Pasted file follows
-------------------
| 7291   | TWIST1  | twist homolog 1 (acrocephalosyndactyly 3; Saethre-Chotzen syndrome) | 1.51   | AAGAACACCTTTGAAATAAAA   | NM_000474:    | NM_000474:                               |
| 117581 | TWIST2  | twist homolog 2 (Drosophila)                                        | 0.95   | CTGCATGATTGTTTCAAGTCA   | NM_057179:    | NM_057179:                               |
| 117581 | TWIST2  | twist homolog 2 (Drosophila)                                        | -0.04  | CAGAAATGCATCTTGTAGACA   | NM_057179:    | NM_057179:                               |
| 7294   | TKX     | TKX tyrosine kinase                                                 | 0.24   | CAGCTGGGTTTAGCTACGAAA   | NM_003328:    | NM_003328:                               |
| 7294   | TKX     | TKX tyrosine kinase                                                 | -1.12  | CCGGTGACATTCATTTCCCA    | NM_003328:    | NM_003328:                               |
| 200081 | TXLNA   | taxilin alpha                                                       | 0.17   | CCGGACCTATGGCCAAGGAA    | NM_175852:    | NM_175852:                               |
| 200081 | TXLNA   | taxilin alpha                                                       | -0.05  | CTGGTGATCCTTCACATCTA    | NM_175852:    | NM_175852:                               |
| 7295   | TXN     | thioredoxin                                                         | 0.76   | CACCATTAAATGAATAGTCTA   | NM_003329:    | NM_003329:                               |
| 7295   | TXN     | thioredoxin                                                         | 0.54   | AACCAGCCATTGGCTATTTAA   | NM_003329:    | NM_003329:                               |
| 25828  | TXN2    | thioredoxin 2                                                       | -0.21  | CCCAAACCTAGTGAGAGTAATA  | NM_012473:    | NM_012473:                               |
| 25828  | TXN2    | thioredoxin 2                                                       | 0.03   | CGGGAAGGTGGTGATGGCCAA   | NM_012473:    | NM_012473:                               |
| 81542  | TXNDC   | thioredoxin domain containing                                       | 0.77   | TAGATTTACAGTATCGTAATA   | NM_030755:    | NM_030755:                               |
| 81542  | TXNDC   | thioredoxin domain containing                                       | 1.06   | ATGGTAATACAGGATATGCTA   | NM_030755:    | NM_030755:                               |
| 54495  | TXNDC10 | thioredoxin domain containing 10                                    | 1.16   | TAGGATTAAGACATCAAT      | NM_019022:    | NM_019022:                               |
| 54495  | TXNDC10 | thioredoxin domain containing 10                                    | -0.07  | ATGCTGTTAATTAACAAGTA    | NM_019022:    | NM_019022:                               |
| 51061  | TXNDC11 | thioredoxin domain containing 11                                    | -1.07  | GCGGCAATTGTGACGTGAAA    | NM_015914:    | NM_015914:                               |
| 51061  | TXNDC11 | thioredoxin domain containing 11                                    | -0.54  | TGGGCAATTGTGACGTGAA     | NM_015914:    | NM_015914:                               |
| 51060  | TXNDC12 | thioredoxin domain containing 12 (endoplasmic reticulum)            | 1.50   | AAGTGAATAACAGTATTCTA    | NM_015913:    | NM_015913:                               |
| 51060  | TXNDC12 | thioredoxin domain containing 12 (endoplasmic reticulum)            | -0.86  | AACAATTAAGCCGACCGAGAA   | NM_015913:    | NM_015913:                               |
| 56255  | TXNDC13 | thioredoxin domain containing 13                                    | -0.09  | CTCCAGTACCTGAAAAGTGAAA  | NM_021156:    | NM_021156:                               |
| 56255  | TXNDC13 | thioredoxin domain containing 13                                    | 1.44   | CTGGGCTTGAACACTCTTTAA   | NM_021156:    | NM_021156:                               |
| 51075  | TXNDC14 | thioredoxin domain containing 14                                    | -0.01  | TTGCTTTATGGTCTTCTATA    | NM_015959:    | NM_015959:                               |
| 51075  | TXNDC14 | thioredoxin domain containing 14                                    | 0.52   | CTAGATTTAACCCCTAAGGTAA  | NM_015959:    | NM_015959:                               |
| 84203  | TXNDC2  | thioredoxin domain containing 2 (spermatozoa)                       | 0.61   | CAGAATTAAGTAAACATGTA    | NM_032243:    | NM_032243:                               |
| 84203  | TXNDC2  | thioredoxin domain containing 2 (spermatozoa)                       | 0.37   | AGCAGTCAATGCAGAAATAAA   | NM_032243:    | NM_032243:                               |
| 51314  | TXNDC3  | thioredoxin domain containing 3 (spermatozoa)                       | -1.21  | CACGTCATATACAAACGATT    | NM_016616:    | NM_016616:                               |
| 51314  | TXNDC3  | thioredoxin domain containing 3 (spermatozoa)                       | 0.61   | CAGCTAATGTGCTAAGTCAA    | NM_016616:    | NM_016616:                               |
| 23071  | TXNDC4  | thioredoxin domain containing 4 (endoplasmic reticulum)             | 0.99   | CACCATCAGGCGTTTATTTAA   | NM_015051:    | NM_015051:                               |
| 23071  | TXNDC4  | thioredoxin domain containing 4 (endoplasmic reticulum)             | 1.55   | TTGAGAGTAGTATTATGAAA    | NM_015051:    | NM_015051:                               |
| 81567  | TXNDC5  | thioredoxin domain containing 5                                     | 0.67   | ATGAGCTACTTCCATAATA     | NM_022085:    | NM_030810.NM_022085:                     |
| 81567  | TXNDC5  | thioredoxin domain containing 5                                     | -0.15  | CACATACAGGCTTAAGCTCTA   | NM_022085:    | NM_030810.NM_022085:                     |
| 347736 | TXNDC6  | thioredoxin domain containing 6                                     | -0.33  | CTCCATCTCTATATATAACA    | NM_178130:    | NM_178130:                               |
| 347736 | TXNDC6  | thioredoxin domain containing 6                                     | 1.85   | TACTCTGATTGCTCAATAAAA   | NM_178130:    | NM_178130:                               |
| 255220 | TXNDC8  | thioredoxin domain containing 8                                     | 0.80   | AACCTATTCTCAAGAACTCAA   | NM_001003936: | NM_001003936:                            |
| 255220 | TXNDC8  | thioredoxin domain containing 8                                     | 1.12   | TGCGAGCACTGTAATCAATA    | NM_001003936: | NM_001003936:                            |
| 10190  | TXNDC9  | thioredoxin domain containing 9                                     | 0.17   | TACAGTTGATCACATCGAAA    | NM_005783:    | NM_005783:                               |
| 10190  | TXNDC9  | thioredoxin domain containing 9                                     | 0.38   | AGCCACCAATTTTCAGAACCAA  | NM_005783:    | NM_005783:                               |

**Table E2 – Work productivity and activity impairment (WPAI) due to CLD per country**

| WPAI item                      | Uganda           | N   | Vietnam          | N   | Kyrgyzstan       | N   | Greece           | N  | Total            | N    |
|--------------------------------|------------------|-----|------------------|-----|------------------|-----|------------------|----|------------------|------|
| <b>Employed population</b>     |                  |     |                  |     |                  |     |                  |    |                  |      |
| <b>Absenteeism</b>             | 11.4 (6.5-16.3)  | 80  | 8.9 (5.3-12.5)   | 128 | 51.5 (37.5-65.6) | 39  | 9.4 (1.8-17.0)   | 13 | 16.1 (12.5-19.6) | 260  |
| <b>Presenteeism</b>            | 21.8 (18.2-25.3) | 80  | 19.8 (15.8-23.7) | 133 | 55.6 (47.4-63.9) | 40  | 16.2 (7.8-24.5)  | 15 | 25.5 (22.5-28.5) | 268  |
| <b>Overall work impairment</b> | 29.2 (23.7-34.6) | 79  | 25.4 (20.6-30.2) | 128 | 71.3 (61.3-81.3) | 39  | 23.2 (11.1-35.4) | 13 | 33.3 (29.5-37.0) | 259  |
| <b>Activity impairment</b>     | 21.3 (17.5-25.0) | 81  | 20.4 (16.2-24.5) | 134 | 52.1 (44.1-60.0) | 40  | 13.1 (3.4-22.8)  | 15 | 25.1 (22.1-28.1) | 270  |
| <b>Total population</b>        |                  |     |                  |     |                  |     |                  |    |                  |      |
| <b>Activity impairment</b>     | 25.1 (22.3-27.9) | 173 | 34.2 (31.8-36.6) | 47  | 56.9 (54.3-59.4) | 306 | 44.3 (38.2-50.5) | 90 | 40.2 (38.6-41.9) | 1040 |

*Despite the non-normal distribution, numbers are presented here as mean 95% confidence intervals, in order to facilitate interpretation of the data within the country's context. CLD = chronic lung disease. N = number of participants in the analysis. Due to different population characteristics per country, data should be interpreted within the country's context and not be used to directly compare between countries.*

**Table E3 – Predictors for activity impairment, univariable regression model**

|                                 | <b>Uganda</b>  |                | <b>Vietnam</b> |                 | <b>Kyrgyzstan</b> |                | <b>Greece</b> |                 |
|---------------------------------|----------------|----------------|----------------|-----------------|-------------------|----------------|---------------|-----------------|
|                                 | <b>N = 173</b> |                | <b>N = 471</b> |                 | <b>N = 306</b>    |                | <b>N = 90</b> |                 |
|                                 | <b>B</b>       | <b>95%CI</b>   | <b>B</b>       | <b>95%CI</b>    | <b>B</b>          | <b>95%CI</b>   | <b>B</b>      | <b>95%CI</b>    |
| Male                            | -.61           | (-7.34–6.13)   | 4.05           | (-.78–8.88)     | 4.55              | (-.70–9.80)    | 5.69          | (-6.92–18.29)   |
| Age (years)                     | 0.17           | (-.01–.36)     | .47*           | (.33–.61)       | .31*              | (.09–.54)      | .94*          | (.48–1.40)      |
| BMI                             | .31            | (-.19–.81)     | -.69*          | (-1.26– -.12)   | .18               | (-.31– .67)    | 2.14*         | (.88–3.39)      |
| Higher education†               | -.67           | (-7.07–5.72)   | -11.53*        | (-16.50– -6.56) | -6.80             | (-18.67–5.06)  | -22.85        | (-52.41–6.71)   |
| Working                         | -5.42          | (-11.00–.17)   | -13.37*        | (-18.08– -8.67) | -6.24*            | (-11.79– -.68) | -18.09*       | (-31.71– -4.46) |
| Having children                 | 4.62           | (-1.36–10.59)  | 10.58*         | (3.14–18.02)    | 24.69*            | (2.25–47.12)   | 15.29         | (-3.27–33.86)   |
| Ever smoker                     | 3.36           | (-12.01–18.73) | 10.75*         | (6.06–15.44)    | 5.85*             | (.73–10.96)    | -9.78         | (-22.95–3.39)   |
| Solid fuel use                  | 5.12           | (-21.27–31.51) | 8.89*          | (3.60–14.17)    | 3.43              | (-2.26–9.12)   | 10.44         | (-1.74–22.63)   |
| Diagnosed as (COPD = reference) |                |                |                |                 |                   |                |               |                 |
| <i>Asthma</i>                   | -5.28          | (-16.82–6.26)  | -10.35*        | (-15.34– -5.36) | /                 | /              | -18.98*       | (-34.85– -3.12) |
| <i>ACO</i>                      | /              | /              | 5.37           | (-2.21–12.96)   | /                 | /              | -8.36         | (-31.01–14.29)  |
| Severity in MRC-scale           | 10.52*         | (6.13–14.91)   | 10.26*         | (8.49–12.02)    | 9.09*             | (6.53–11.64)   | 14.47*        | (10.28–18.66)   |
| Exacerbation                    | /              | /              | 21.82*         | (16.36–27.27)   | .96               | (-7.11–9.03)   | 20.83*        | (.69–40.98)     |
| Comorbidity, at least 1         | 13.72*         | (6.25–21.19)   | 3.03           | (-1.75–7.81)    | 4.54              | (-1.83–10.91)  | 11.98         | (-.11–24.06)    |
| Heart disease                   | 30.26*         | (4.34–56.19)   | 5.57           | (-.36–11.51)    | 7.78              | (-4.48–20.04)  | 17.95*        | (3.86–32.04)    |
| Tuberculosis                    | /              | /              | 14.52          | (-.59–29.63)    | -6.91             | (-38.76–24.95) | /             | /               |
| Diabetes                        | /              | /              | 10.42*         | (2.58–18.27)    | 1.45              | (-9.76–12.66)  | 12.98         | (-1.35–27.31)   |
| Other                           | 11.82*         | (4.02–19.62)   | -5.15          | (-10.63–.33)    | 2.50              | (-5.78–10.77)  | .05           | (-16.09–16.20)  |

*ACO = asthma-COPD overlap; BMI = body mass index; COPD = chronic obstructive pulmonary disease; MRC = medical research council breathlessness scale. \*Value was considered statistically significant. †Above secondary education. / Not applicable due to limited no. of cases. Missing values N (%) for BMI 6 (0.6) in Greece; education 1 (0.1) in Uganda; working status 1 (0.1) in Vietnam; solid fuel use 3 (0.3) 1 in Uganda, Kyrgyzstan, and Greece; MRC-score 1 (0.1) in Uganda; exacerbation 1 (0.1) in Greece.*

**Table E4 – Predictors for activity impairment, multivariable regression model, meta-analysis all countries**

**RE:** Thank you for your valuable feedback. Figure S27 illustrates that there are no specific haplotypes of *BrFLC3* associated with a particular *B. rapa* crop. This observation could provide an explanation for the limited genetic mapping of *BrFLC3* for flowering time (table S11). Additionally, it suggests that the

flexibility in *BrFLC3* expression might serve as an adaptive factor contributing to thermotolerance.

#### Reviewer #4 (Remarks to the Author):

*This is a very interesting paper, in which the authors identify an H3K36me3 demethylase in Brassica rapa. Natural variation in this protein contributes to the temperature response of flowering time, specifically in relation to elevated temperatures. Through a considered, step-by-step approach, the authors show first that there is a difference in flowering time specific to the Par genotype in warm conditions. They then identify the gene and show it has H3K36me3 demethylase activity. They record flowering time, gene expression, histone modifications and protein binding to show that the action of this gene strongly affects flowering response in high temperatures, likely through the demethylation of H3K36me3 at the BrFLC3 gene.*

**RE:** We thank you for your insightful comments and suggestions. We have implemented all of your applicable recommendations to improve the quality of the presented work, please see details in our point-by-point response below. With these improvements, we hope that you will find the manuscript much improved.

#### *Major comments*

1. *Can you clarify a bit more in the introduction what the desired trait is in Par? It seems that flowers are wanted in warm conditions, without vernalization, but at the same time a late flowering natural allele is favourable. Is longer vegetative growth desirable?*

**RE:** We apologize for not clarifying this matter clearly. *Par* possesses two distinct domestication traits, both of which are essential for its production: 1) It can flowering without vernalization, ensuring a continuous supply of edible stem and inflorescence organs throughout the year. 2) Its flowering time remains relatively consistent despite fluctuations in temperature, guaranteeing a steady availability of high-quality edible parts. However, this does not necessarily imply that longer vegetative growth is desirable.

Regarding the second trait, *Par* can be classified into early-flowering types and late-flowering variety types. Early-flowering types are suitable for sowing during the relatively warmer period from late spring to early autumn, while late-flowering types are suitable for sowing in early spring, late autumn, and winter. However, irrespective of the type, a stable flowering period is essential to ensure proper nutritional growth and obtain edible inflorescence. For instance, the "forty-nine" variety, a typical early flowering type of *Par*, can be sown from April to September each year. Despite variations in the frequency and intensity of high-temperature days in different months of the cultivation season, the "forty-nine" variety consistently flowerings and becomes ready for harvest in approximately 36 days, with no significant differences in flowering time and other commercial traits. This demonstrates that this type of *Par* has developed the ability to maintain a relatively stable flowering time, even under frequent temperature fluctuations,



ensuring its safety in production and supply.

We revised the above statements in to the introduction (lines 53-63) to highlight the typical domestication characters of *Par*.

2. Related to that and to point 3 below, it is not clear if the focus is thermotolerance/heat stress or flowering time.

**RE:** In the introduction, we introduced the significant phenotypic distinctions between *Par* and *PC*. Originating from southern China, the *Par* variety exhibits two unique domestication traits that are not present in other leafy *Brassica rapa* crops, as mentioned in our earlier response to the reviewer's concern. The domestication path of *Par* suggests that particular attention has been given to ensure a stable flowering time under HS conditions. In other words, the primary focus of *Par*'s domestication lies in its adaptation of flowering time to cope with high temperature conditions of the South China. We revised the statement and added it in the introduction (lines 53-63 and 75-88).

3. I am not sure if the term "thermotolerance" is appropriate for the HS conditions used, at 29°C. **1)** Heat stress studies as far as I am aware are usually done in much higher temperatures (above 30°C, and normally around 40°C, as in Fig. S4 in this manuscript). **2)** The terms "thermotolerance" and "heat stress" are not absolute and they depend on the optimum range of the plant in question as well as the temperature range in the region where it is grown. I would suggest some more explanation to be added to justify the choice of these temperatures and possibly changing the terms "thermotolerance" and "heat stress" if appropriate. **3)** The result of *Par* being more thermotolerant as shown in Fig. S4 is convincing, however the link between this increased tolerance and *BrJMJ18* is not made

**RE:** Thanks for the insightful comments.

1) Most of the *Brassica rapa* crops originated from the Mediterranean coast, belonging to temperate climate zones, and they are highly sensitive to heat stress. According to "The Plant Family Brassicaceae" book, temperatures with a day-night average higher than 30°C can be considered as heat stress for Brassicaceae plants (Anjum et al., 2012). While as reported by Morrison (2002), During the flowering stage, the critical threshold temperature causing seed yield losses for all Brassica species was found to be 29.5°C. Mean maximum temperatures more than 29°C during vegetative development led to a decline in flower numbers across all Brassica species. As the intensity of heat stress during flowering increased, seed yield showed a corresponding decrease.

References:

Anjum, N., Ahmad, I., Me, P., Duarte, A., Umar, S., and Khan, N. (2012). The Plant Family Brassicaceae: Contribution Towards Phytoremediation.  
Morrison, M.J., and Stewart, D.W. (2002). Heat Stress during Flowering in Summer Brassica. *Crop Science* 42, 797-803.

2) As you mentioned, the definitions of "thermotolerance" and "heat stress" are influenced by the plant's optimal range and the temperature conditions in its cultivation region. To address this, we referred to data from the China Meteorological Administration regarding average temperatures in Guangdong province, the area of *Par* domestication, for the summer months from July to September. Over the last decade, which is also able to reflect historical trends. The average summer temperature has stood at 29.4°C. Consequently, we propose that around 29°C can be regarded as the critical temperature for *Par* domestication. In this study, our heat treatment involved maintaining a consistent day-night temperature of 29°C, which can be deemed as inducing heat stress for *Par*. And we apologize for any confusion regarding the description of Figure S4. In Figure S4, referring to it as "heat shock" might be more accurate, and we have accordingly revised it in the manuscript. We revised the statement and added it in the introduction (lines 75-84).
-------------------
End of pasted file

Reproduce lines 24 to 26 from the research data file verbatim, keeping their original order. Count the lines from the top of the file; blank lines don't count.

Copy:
| 84203  | TXNDC2  | thioredoxin domain containing 2 (spermatozoa)                       | 0.61   | CAGAATTAAGTAAACATGTA    | NM_032243:    | NM_032243:                               |
| 84203  | TXNDC2  | thioredoxin domain containing 2 (spermatozoa)                       | 0.37   | AGCAGTCAATGCAGAAATAAA   | NM_032243:    | NM_032243:                               |
| 51314  | TXNDC3  | thioredoxin domain containing 3 (spermatozoa)                       | -1.21  | CACGTCATATACAAACGATT    | NM_016616:    | NM_016616:                               |